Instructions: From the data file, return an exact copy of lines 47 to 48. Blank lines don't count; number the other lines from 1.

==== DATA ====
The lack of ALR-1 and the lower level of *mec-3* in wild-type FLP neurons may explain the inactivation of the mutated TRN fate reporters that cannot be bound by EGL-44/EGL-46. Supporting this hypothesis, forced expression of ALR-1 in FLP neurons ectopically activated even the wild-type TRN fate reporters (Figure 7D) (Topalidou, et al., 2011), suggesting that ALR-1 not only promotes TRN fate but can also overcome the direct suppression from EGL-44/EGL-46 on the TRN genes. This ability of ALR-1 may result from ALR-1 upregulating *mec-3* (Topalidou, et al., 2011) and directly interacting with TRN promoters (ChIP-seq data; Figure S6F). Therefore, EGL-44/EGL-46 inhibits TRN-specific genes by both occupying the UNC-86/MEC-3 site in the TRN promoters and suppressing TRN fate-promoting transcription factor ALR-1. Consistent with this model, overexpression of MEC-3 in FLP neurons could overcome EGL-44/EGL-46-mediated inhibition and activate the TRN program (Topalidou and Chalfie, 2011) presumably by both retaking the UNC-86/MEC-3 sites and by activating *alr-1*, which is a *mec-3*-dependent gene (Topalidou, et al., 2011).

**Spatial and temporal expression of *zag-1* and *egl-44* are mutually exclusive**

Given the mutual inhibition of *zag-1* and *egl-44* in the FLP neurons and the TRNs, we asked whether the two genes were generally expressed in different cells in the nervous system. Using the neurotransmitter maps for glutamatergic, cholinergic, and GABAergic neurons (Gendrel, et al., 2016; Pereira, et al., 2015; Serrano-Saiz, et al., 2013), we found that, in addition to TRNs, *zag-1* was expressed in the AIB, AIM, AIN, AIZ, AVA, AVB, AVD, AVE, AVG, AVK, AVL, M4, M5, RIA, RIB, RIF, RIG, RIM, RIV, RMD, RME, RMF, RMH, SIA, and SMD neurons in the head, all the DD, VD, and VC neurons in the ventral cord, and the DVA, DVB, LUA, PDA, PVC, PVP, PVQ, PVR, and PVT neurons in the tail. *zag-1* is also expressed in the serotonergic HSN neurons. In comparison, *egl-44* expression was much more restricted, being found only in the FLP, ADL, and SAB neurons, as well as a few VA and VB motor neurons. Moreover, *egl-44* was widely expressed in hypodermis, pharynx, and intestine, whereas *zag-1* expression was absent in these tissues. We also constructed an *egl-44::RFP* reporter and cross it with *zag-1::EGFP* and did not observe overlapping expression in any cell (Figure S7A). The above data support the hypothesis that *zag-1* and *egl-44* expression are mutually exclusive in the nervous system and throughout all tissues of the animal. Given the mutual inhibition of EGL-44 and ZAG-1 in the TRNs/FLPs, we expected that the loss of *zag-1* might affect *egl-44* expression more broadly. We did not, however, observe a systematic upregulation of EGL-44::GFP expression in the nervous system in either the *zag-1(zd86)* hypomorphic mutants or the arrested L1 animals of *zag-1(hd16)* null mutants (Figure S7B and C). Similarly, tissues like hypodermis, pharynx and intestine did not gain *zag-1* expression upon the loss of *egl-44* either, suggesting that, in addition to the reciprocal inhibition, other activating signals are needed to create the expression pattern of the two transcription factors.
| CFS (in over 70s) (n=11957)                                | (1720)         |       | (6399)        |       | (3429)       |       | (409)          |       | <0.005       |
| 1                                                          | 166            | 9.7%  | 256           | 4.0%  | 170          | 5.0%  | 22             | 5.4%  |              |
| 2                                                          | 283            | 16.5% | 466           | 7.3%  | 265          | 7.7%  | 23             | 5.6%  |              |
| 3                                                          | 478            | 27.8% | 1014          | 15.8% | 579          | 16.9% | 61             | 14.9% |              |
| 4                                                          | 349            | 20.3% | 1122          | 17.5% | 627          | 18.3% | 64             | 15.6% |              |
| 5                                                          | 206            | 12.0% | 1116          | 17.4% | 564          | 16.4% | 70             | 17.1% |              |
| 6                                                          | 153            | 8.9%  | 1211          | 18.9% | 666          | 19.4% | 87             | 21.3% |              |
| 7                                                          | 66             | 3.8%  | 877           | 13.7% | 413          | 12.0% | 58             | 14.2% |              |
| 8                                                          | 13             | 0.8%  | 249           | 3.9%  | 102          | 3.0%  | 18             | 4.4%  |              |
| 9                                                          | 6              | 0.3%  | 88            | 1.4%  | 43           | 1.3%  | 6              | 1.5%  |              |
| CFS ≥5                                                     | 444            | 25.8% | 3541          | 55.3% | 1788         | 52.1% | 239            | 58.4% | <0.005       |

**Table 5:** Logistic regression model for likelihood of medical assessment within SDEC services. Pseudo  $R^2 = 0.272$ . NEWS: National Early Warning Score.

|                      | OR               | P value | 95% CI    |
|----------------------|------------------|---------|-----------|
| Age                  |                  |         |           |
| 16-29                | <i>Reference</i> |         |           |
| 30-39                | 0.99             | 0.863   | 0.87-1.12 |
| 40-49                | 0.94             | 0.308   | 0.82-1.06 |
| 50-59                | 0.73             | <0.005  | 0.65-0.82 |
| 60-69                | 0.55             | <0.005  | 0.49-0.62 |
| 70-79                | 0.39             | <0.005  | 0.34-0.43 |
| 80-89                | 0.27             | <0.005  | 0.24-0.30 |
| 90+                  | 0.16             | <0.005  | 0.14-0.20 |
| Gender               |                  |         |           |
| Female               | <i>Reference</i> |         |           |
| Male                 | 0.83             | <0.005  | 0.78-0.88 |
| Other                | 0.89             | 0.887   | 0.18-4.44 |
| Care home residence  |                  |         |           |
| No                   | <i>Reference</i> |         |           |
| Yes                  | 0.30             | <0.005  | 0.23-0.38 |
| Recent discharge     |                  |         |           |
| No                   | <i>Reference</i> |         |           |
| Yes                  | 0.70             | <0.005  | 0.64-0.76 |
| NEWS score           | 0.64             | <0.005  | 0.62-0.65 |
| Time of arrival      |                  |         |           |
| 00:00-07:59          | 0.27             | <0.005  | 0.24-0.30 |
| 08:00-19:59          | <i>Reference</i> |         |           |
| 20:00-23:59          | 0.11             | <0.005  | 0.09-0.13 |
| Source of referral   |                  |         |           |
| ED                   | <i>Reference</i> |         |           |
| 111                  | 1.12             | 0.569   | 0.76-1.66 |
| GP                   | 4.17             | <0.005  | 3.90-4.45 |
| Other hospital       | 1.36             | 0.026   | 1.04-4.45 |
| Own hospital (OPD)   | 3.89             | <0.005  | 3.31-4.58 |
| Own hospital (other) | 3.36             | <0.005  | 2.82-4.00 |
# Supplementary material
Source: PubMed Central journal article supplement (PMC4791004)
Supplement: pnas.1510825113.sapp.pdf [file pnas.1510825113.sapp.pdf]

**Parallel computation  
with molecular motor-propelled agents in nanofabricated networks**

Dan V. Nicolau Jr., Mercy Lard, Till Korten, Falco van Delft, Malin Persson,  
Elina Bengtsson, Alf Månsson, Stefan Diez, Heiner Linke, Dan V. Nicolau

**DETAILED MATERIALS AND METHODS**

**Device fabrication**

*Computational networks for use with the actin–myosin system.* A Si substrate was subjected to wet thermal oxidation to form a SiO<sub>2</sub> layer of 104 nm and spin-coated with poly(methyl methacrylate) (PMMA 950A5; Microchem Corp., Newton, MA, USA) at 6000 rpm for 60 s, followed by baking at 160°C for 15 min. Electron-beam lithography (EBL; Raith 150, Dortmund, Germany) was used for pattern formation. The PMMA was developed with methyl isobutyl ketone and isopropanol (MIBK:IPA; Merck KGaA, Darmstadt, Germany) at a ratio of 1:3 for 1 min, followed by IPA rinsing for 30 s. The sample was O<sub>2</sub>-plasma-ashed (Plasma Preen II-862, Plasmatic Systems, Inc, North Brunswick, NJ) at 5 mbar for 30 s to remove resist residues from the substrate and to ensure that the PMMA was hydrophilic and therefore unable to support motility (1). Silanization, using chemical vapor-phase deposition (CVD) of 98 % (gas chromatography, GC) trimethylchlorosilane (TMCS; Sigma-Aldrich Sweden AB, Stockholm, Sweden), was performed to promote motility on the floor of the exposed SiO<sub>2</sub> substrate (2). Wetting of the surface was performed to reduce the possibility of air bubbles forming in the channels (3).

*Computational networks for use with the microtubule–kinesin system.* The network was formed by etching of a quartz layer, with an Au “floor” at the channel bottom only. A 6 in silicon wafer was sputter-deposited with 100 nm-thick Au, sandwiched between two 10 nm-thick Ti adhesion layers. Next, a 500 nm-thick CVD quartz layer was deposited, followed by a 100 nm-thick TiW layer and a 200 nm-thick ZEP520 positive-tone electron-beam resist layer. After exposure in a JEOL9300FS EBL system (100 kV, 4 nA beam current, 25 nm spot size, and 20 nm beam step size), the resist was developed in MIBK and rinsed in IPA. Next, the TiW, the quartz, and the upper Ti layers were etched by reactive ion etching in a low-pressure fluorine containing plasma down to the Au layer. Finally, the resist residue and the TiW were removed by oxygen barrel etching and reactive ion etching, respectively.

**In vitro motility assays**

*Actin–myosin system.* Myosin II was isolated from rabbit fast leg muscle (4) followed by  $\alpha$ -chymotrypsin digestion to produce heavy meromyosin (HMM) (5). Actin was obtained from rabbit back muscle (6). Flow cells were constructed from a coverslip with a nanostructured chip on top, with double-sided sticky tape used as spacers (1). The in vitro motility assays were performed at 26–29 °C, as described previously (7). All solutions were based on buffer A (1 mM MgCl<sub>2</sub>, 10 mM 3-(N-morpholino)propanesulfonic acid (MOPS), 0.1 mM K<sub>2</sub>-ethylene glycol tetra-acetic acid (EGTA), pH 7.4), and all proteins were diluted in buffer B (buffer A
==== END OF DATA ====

| Own hospital (OPD)   | 3.89             | <0.005  | 3.31-4.58 |
| Own hospital (other) | 3.36             | <0.005  | 2.82-4.00 |